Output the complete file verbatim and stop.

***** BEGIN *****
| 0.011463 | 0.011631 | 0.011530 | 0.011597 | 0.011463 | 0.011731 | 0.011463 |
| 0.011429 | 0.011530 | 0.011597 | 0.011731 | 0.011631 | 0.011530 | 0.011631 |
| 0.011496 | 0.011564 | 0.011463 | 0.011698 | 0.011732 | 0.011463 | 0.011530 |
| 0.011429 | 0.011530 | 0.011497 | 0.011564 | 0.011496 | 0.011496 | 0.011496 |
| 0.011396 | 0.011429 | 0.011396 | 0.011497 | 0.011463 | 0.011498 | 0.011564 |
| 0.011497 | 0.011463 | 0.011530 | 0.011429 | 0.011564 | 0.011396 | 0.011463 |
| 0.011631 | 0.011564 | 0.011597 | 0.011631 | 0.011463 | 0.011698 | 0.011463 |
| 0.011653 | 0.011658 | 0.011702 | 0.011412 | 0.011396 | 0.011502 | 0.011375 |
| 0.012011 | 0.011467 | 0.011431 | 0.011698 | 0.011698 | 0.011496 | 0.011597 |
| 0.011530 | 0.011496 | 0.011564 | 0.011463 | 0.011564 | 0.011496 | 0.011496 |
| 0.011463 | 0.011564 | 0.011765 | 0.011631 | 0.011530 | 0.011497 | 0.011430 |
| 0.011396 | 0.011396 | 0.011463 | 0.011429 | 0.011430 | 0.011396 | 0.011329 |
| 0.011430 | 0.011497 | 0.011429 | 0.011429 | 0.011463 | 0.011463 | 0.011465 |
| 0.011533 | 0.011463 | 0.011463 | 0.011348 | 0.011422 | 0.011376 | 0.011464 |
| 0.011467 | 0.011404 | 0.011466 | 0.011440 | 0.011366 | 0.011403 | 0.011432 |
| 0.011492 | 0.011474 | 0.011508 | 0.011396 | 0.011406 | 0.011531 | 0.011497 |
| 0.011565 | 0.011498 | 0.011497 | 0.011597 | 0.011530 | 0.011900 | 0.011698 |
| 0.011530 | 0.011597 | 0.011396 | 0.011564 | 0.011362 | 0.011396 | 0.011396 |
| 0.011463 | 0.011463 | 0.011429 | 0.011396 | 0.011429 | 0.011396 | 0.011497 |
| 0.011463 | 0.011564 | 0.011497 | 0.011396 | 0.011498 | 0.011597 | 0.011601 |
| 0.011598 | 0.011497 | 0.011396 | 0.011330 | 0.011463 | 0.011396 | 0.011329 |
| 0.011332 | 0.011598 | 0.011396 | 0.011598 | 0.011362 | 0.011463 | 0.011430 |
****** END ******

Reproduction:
| 0.011463 | 0.011631 | 0.011530 | 0.011597 | 0.011463 | 0.011731 | 0.011463 |
| 0.011429 | 0.011530 | 0.011597 | 0.011731 | 0.011631 | 0.011530 | 0.011631 |
| 0.011496 | 0.011564 | 0.011463 | 0.011698 | 0.011732 | 0.011463 | 0.011530 |
| 0.011429 | 0.011530 | 0.011497 | 0.011564 | 0.011496 | 0.011496 | 0.011496 |
| 0.011396 | 0.011429 | 0.011396 | 0.011497 | 0.011463 | 0.011498 | 0.011564 |
| 0.011497 | 0.011463 | 0.011530 | 0.011429 | 0.011564 | 0.011396 | 0.011463 |
| 0.011631 | 0.011564 | 0.011597 | 0.011631 | 0.011463 | 0.011698 | 0.011463 |
| 0.011653 | 0.011658 | 0.011702 | 0.011412 | 0.011396 | 0.011502 | 0.011375 |
| 0.012011 | 0.011467 | 0.011431 | 0.011698 | 0.011698 | 0.011496 | 0.011597 |
| 0.011530 | 0.011496 | 0.011564 | 0.011463 | 0.011564 | 0.011496 | 0.011496 |
| 0.011463 | 0.011564 | 0.011765 | 0.011631 | 0.011530 | 0.011497 | 0.011430 |
| 0.011396 | 0.011396 | 0.011463 | 0.011429 | 0.011430 | 0.011396 | 0.011329 |
| 0.011430 | 0.011497 | 0.011429 | 0.011429 | 0.011463 | 0.011463 | 0.011465 |
| 0.011533 | 0.011463 | 0.011463 | 0.011348 | 0.011422 | 0.011376 | 0.011464 |
| 0.011467 | 0.011404 | 0.011466 | 0.011440 | 0.011366 | 0.011403 | 0.011432 |
| 0.011492 | 0.011474 | 0.011508 | 0.011396 | 0.011406 | 0.011531 | 0.011497 |
| 0.011565 | 0.011498 | 0.011497 | 0.011597 | 0.011530 | 0.011900 | 0.011698 |
| 0.011530 | 0.011597 | 0.011396 | 0.011564 | 0.011362 | 0.011396 | 0.011396 |
| 0.011463 | 0.011463 | 0.011429 | 0.011396 | 0.011429 | 0.011396 | 0.011497 |
| 0.011463 | 0.011564 | 0.011497 | 0.011396 | 0.011498 | 0.011597 | 0.011601 |
| 0.011598 | 0.011497 | 0.011396 | 0.011330 | 0.011463 | 0.011396 | 0.011329 |
| 0.011332 | 0.011598 | 0.011396 | 0.011598 | 0.011362 | 0.011463 | 0.011430 |